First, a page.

Your military career is approaching its end, and now it’s time to retire. What should you do with the large sum of money in your TSP (Thrift Savings Plan) that you’ve been paying into since the very beginning?
There will be expenses, of course, that you previously hadn’t had to worry about in such a degree when you were in the military, including important things like health insurance. While the money in your TSP can certainly cover that, you should think twice before you do that.
According to almost all experts in the matter, it is unwise to tap into your TSP (or any) retirement fund before you reach the minimum distribution age of 59 and a half years old.
Firstly, the TSP only charges a low .04 percent service fee for any transaction, which is the lower than you will find with any other investment, even things like index funds which financial advisors all say are good investments as well.
Secondly, the TSP is a tax-deferred program, which means that when you put your money into it and keep it in until your retirement, the IRS won’t impose a tax on it. If you do touch that money early, not only will the IRS take taxes on it, but there’s also a 10 percent penalty fee on top of that, regardless if you’re making Roth or traditional contributions.
After retirement, you will have to pay taxes on the amount you take out, but dipping into it early means you’ll be paying taxes on all of it at once, a large sum, in addition to the 10 percent fee. The same with the Roth, which you normally won’t have to pay taxes on. Unless you tap into it before your 59 and a half birthday, in which case you’ll be paying the government taxes on the whole thing.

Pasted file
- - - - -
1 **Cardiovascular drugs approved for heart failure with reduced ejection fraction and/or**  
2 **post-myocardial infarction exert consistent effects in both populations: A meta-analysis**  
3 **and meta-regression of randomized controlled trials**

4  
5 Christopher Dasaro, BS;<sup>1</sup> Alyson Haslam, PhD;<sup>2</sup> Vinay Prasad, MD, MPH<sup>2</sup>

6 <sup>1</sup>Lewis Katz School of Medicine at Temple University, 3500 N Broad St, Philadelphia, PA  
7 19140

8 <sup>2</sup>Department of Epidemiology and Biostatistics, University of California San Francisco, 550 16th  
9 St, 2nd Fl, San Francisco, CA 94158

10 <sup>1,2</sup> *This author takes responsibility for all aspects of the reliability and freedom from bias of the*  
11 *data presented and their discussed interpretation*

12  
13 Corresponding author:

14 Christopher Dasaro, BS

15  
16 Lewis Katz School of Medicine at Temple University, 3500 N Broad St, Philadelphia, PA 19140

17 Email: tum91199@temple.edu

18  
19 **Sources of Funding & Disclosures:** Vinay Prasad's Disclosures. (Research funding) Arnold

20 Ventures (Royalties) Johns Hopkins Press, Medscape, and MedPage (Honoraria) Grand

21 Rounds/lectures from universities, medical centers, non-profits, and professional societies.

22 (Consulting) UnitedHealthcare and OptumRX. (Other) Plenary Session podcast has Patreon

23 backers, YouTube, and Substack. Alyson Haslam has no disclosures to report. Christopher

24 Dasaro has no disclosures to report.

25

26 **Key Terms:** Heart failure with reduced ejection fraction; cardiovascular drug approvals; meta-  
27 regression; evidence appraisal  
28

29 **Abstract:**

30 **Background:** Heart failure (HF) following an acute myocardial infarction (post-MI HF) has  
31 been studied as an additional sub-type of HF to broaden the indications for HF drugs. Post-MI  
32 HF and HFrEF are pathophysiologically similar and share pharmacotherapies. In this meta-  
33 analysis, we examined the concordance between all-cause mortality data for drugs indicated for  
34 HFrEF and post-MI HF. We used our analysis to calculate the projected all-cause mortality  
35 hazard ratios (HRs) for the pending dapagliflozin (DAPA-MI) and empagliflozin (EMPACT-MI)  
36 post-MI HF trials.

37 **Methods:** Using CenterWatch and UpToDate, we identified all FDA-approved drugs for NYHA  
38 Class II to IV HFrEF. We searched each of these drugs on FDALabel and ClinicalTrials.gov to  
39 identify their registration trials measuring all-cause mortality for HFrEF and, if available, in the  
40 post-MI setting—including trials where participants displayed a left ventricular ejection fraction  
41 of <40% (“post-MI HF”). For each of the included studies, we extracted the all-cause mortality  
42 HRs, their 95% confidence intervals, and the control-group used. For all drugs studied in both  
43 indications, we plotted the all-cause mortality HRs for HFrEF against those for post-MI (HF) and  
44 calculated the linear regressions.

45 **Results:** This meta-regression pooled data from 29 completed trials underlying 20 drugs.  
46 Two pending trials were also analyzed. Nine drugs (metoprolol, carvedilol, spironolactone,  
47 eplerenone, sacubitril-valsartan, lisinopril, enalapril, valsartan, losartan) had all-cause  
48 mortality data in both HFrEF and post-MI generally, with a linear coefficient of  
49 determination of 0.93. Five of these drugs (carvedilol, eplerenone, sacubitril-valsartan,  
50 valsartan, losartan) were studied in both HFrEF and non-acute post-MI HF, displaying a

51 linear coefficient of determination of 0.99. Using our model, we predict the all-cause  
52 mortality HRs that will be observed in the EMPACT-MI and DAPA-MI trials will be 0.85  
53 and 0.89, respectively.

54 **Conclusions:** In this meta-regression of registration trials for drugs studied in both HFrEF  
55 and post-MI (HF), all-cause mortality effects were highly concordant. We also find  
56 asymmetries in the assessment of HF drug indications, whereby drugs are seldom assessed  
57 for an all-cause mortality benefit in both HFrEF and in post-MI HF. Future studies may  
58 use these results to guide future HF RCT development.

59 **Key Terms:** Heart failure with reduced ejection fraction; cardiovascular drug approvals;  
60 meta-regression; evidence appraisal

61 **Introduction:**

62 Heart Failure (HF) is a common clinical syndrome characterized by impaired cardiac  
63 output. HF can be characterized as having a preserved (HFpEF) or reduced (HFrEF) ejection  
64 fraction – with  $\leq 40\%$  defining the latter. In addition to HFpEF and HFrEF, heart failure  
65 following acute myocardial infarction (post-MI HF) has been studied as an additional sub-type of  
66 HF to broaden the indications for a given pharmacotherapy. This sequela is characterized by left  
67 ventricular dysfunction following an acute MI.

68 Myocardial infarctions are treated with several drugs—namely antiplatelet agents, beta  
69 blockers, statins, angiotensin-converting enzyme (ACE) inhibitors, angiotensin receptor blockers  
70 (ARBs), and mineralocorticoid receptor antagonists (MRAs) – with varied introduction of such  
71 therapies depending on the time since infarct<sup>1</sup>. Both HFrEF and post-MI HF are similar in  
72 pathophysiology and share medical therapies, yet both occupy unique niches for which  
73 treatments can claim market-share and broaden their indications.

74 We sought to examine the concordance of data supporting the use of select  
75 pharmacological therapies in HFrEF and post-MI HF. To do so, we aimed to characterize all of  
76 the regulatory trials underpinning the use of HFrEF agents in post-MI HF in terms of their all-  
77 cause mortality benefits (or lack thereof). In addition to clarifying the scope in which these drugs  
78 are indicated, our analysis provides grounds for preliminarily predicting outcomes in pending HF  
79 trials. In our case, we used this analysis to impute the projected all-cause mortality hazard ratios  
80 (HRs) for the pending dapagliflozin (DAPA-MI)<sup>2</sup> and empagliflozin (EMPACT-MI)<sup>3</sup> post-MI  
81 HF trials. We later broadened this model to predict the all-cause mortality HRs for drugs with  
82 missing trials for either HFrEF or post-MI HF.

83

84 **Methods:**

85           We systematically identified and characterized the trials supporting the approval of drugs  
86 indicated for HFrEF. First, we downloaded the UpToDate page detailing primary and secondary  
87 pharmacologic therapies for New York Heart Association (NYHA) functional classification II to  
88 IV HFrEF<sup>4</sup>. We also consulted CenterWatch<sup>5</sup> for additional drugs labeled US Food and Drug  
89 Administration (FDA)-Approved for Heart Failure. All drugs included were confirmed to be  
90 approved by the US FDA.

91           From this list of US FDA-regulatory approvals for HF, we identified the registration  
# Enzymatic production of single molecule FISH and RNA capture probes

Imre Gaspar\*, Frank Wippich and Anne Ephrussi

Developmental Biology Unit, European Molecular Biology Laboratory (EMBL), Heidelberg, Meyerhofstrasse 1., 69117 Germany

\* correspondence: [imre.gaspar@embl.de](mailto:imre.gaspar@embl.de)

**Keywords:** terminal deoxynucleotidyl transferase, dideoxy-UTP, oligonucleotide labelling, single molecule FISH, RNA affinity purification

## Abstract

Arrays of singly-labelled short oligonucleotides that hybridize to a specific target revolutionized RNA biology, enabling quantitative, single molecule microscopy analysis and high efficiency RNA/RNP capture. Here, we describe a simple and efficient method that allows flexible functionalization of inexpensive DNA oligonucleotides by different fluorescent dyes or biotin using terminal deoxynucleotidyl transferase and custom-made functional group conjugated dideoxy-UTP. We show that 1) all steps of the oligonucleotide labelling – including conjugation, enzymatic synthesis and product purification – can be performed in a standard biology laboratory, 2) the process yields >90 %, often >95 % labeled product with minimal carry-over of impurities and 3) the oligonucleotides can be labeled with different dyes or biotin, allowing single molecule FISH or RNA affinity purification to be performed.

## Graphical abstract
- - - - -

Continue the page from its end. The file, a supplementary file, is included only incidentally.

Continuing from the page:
And this is no small amount. It’s 20 percent for federal taxes, and the 10 percent extra for penalty. Add in up to another 10 percent in state taxes, depending on where you live, and you’re looking at close to 40 percent of your money getting taken away before you even have a chance to touch it. Let’s say you had 150,000 dollars in your Thrift Savings Plan, and the tax bill would be 60,000 dollars.
So what can you do?
The easiest thing you can do it not touch the money in your TSP. Simple as that.
Even if you left the service before the 59-and-a-half year threshold, the TSP allows you to continue contributing to it, even with money from your IRAs or other civilian retirement plans. And on the other hand, if the 401(k) plan offered by your current employer offers you better options than your TSP, you can easily move the money to that plan without (or with a very small) penalty. Talk to your financial advisor about options and ways to move your money around so that it can work best for you.